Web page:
5. Interspecific differences in concentrations and congener profiles of chlorinated and brominated organic pollutants in three insectivorous bird species.

    PubMed

    Dauwe, Tom; Van den Steen, Evi; Jaspers, Veerle L B; Maes, Koen; Covaci, Adrian; Eens, Marcel

    2009-02-01

    We investigated the accumulation of polychlorinated biphenyls (PCBs), polybrominated diphenyl ethers (PBDEs) and organochlorine pesticides (OCPs) in eggs of three insectivorous bird species, the great tit (Parus major), the Northern lapwing (Vanellus vanellus) and the Mediterranean gull (Larus melanocephalus), near the harbour of Antwerp (Belgium). Our results show that lapwing eggs had the highest median concentrations of PCBs (4358 ng/g lw) and PBDEs (109 ng/g lw). Mediterranean gulls feed during breeding on ground-dwelling invertebrates on agricultural fields, which is reflected in higher OCP concentrations in eggs (1235 ng/g lw). Apart from differences in accumulation, also interspecific differences in contaminant profiles were investigated. Significant differences among species were found in the profile of PCBs, PBDEs and OCPs. These differences could be attributed to differences in diet, behaviour and metabolic capacity. Interestingly, the OCP profile in lapwing eggs deviated extremely from the two other species. In both great tit and Mediterranean gull eggs p,p'-DDE was by far the most important compound, whereas in lapwing eggs hexachlorobenzene, oxychlordane, trans-nonachlor and even p,p'-DDT were relatively more abundant than p,p'-DDE. The high p,p'-DDT/p,p'-DDE ratio has previously been described in lapwings, which suggests that low p,p'-DDE accumulation in eggs might be inherent for this species. PMID:18947874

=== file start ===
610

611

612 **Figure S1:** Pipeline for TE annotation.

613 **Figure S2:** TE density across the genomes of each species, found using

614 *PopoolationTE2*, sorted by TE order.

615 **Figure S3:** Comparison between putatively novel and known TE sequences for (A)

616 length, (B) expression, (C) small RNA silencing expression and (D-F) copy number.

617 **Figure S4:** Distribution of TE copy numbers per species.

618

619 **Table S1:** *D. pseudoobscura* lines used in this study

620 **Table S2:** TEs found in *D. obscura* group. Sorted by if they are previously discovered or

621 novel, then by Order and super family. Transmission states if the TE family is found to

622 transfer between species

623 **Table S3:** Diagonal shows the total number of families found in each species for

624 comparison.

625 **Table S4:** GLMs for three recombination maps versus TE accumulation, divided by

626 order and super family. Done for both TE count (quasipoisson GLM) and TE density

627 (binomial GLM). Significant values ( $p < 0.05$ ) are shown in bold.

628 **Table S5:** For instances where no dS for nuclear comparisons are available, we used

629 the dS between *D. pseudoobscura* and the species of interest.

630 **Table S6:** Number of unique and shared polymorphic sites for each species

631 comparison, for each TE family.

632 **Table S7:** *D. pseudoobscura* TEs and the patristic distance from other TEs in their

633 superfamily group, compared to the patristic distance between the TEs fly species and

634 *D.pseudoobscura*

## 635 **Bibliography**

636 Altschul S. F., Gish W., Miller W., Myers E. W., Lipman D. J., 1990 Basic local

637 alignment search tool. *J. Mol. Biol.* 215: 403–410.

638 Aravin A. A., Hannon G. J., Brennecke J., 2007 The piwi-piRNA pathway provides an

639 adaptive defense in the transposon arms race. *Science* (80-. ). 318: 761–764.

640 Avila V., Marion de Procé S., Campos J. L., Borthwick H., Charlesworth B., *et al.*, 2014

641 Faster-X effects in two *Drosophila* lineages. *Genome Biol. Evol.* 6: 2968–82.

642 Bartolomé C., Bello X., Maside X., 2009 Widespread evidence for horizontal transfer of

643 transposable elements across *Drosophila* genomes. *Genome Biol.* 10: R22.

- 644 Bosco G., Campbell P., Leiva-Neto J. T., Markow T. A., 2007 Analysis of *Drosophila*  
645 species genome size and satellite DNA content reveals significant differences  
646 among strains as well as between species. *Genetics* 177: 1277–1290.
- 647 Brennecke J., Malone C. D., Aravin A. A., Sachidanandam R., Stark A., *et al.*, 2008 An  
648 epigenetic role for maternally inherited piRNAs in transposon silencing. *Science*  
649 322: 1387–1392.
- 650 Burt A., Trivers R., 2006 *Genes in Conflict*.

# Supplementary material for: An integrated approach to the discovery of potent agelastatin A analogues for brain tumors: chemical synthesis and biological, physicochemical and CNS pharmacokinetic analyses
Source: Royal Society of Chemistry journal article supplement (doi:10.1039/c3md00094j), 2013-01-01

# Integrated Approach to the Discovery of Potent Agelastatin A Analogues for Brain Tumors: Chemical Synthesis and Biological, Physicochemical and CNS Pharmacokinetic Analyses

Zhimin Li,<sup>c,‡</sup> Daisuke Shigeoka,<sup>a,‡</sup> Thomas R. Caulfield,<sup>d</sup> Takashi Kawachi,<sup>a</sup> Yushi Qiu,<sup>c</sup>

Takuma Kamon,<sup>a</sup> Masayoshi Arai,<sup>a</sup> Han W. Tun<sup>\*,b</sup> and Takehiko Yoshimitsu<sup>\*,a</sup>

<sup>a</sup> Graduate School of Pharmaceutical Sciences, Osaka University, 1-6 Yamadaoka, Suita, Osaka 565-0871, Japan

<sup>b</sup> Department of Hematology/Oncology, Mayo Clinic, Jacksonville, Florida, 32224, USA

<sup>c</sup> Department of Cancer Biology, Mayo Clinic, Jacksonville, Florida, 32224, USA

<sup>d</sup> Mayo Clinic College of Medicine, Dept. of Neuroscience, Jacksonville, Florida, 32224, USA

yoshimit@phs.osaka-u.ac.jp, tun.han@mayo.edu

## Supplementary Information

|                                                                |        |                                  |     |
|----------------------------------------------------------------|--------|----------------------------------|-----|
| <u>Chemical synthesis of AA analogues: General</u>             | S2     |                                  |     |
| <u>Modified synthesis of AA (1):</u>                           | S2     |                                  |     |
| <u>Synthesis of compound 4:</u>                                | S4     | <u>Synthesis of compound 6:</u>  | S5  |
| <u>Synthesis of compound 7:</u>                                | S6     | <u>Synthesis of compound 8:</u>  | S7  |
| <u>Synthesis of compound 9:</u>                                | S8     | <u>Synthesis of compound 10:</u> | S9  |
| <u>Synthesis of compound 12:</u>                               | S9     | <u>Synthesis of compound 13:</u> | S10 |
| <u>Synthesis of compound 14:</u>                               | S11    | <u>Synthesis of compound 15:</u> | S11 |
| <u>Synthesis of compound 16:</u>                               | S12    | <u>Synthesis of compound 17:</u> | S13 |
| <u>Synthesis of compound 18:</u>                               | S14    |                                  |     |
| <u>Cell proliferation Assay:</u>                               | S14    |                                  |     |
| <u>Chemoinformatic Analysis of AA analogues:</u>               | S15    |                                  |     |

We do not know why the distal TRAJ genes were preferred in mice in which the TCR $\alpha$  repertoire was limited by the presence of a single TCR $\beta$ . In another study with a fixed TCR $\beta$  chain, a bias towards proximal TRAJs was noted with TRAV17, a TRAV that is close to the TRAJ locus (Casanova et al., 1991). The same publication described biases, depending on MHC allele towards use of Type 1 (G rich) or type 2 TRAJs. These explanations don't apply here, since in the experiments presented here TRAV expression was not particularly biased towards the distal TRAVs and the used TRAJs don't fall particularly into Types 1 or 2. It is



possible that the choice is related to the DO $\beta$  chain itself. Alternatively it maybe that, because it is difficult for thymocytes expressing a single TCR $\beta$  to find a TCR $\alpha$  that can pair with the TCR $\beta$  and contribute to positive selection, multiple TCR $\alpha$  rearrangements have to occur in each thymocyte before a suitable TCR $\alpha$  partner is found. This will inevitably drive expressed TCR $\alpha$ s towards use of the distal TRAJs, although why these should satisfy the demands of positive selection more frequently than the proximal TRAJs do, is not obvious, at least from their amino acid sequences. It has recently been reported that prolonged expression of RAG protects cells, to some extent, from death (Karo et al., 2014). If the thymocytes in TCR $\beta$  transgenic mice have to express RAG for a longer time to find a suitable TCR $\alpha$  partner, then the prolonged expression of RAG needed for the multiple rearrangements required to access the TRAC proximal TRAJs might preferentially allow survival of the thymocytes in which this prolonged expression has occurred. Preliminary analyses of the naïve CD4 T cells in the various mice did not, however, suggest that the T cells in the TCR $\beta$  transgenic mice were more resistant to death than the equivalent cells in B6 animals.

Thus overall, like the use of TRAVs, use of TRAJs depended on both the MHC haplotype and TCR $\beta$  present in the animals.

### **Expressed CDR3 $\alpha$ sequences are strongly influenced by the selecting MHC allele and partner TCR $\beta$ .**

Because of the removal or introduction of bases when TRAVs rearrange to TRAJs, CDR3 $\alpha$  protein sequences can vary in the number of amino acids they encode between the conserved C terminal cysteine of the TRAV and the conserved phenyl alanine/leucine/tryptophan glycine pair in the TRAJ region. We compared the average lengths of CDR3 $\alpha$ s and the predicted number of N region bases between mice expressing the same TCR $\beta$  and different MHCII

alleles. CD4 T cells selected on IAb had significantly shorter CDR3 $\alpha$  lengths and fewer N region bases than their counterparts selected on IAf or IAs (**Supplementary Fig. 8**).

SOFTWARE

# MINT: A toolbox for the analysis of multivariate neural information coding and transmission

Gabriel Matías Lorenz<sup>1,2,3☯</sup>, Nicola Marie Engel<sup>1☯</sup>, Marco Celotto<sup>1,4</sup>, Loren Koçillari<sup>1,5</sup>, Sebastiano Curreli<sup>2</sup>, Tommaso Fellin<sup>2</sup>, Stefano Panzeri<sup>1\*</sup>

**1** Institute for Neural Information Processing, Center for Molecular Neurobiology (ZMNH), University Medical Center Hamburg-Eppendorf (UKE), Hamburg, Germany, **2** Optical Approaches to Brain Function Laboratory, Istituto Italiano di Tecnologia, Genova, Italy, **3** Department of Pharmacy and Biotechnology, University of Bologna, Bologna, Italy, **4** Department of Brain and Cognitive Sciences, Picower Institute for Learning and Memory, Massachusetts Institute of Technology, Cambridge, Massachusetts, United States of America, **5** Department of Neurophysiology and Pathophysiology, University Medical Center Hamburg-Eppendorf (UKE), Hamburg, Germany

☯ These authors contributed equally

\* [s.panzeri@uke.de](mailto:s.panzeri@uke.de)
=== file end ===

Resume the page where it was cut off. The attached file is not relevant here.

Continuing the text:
6. How does biomass distribution change with size and differ among species? An analysis for 1200 plant species from five continents.

    PubMed

    Poorter, Hendrik; Jagodzinski, Andrzej M; Ruiz-Peinado, Ricardo; Kuyah, Shem; Luo, Yunjian; Oleksyn, Jacek; Usoltsev, Vladimir A; Buckley, Thomas N; Reich, Peter B; Sack, Lawren

    2015-11-01

    We compiled a global database for leaf, stem and root biomass representing c. 11 000 records for c. 1200 herbaceous and woody species grown under either controlled or field conditions. We used this data set to analyse allometric relationships and fractional biomass distribution to leaves, stems and roots. We tested whether allometric scaling exponents are generally constant across plant sizes as predicted by metabolic scaling theory, or whether instead they change dynamically with plant size. We also quantified interspecific variation in biomass distribution among plant families and functional groups. Across all species combined, leaf vs stem and leaf vs root scaling exponents decreased from c. 1.00 for small plants to c. 0.60 for the largest trees considered. Evergreens had substantially higher leaf mass fractions (LMFs) than deciduous species, whereas graminoids maintained higher root mass fractions (RMFs) than eudicotyledonous herbs. These patterns do not support the hypothesis of fixed allometric exponents. Rather, continuous shifts in allometric exponents with plant size during ontogeny and evolution are the norm. Across seed plants, variation in biomass distribution among species is related more to function than phylogeny. We propose that the higher LMF of evergreens at least partly compensates for their relatively low leaf area : leaf mass ratio. PMID:26197869

  7. Bioenergetic phenotypes and metabolic stress responses in cells derived from ecologically and commercially important fish species

    Technology Transfer Automated Retrieval System (TEKTRAN)